Shortly, the Ultra168 empire (yeah right!), will expand further when we publish our first book! In conjunction with Salomon runner, Majell Backhausen, we’ve written an ebook focused on how you build up the physical and mental toughness to perform at your best in an ultra with some highly specific sessions.
While the act of running is in itself beneficial for the physical challenges that lie ahead in an ultra, it’s often the mental ones that see us come unstuck. But the beauty is that many of the sessions you perform day in, day out, can with a little adjustment, be used to gather significant mental strength too.
Think of it as you as a bit of an insider’s view into how you can really make the most of your talents to get the best results you can for your racing. To get the taste buds going, we’re publishing a little extract from the first chapter of the book, entitled ‘Getting Into Rhythm.’ We’re currently in editing mode and hope to have the finished article so to speak, ready in a few weeks.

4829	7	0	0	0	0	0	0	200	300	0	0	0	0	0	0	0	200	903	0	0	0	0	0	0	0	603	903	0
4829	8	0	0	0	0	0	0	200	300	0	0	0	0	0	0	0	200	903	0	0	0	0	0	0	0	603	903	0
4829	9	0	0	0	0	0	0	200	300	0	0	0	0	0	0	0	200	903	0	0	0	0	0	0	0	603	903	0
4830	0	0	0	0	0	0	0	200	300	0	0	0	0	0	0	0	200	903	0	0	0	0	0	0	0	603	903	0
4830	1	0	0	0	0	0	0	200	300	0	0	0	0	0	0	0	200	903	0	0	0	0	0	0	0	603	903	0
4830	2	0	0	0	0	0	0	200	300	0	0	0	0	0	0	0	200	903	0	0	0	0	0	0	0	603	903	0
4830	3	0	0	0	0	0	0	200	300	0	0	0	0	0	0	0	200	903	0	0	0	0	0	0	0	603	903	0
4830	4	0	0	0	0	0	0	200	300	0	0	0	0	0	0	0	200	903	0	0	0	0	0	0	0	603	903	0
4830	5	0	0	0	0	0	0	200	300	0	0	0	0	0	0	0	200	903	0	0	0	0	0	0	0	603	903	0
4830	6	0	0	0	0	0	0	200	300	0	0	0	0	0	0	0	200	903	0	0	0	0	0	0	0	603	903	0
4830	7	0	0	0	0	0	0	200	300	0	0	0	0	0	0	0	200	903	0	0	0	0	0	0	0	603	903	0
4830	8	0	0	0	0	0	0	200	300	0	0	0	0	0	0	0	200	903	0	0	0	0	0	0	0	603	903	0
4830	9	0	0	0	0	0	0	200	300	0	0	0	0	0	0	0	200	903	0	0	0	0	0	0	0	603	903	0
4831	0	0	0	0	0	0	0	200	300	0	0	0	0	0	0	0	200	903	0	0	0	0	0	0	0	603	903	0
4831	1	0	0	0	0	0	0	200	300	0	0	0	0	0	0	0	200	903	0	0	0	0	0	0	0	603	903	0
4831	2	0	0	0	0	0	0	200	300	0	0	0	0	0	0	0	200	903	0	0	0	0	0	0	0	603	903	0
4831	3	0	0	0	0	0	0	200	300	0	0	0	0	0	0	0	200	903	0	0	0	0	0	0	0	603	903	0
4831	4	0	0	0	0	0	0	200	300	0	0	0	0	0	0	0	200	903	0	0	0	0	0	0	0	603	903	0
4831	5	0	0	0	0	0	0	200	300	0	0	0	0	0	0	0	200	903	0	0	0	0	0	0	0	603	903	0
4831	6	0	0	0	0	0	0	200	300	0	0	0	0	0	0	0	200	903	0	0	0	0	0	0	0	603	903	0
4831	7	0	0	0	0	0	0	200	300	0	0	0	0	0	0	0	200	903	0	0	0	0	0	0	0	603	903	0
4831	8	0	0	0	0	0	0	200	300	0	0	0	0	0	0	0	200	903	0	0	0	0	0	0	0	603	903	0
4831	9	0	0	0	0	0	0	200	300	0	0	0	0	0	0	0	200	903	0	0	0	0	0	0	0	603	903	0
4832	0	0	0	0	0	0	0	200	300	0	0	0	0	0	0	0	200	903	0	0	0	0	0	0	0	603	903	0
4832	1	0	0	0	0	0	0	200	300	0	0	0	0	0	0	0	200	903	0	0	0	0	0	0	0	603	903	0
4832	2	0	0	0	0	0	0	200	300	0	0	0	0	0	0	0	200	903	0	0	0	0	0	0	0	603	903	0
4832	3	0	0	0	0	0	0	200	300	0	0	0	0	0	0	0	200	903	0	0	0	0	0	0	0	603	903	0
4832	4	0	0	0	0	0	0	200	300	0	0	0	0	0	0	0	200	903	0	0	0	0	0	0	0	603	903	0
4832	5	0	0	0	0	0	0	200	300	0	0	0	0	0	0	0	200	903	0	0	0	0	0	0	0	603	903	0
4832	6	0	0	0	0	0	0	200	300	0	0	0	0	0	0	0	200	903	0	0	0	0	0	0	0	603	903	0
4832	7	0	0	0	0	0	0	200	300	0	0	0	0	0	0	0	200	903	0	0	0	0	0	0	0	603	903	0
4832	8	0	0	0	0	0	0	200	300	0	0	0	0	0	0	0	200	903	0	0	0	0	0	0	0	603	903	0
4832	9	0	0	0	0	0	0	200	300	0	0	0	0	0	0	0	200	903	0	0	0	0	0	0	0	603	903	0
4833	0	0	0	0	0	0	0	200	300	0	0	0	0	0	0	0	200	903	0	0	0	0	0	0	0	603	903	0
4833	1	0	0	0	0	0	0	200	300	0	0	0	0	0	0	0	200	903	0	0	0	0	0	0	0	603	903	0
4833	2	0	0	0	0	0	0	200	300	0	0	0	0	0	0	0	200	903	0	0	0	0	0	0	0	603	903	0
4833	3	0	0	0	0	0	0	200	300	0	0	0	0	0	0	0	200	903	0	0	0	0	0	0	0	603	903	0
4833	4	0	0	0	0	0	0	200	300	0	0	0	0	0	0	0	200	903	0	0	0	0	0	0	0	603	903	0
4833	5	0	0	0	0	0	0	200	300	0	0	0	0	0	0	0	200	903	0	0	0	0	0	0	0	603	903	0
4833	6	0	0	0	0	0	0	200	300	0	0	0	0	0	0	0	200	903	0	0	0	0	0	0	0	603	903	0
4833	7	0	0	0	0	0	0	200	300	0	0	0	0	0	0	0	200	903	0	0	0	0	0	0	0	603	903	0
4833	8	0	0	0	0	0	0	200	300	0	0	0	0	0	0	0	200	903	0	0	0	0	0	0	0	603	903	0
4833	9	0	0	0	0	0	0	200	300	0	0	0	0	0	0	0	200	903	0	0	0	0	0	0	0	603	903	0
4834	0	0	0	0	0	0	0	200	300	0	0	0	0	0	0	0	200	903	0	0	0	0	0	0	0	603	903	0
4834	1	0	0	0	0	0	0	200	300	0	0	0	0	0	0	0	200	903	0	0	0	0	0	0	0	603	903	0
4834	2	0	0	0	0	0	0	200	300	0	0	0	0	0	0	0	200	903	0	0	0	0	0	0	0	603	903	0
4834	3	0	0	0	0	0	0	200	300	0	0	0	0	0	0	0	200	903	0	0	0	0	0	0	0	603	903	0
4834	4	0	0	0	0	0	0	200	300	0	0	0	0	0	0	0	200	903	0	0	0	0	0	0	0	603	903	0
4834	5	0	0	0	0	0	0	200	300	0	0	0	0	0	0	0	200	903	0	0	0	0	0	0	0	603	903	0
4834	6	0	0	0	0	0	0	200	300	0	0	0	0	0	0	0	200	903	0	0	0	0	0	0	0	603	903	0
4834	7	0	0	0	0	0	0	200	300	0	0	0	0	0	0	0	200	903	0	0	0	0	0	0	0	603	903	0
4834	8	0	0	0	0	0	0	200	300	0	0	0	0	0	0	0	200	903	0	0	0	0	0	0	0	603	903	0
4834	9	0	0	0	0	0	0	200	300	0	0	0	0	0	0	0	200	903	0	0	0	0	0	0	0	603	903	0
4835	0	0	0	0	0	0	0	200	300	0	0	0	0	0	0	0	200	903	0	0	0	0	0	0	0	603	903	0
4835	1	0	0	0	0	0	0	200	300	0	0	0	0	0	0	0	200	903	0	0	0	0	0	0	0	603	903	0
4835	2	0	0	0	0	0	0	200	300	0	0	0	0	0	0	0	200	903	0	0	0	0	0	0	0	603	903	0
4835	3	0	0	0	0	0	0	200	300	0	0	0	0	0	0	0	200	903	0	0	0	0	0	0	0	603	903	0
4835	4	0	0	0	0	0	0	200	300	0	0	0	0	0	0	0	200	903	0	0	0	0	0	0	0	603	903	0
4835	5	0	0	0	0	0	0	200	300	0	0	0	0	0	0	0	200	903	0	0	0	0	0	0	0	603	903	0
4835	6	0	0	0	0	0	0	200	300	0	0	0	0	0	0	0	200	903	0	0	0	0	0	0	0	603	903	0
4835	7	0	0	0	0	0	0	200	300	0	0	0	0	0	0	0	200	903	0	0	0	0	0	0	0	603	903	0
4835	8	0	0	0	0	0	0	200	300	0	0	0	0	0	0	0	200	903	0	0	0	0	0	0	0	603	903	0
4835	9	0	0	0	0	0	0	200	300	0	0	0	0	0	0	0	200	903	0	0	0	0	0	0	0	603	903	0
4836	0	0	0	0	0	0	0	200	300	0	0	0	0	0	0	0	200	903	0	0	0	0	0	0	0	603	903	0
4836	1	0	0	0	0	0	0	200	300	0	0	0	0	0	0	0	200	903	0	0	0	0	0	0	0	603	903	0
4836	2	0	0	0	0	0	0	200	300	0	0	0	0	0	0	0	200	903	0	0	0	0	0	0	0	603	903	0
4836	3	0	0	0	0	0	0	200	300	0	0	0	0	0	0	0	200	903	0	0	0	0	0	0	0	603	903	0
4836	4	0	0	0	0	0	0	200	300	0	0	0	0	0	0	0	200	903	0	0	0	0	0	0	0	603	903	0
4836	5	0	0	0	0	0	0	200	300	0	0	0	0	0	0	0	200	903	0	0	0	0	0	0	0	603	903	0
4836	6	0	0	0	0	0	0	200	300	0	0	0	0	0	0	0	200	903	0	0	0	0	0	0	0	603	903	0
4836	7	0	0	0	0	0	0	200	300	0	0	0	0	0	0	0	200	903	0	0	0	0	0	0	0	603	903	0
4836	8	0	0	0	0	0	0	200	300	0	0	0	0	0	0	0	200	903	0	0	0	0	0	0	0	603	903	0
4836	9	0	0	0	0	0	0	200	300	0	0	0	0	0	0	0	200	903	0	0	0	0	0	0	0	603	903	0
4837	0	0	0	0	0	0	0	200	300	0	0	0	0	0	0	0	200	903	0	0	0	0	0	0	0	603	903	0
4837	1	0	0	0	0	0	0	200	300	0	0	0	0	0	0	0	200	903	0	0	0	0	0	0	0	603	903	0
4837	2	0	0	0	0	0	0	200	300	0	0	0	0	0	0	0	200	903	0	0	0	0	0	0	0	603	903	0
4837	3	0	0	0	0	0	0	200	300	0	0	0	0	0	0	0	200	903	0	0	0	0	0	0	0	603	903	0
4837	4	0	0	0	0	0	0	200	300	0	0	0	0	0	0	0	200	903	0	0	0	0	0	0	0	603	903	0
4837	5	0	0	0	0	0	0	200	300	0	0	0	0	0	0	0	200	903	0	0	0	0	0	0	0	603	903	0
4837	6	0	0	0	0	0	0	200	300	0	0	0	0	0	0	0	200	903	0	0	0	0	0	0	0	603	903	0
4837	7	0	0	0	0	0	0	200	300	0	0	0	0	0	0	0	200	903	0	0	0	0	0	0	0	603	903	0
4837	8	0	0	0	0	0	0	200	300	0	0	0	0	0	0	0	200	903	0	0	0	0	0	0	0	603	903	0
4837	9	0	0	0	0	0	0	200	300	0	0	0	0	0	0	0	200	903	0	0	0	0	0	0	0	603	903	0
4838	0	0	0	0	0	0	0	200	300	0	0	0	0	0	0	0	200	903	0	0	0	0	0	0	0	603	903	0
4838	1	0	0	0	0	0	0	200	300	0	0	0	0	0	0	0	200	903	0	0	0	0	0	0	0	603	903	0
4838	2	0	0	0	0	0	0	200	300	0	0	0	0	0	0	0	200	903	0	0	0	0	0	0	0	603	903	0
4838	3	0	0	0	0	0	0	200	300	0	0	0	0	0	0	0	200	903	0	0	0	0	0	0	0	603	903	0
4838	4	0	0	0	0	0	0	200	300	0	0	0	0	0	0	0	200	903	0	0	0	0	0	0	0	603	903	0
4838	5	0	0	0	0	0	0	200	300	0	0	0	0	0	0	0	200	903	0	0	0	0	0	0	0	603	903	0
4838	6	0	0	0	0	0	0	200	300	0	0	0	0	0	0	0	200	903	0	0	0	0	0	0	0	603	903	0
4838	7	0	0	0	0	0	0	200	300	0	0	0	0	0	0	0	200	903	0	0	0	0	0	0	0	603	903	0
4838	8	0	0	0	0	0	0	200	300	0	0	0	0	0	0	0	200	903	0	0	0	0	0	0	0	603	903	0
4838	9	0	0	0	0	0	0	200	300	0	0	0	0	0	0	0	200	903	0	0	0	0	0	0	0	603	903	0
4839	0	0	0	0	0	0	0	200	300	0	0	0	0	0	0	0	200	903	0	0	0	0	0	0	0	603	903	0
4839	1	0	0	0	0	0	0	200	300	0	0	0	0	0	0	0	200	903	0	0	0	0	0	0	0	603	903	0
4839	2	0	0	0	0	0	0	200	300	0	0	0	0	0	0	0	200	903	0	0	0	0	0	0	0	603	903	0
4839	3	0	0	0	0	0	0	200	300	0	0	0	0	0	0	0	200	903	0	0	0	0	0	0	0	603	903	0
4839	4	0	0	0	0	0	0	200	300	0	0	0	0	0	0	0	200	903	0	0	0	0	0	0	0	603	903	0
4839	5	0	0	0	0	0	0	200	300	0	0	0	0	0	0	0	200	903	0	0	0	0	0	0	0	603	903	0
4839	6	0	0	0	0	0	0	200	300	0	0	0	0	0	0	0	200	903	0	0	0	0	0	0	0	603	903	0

Physical growth and positive adaptation are the most commonly referred to benefits from harder training sessions. This is provided you allow your body to recovery and repair. But there are also huge mental gains you can take from these sessions, so long as you acknowledge what specific mental toughness you are working on, respecting it as much as the physical growth.
During events and races, mental toughness plays a huge role in your overall success and enjoyment. In fact, mental toughness is more often than not, the reason behind success when compared to a runner’s physical attributes.
Training your mental toughness simultaneously with your physical strength makes your sessions twice as effective. We will now explore a specific session you can incorporate into your harder training phase. This is for your harder days and the aim is to apply physical and mental stress during the session. Recovery will be needed after these days, in the form of self-acknowledgement, rest, active recovery, good sleep, nutrition and hydration. These are all in an effort to get you standing on a start line with bulletproof legs and a mind of steel.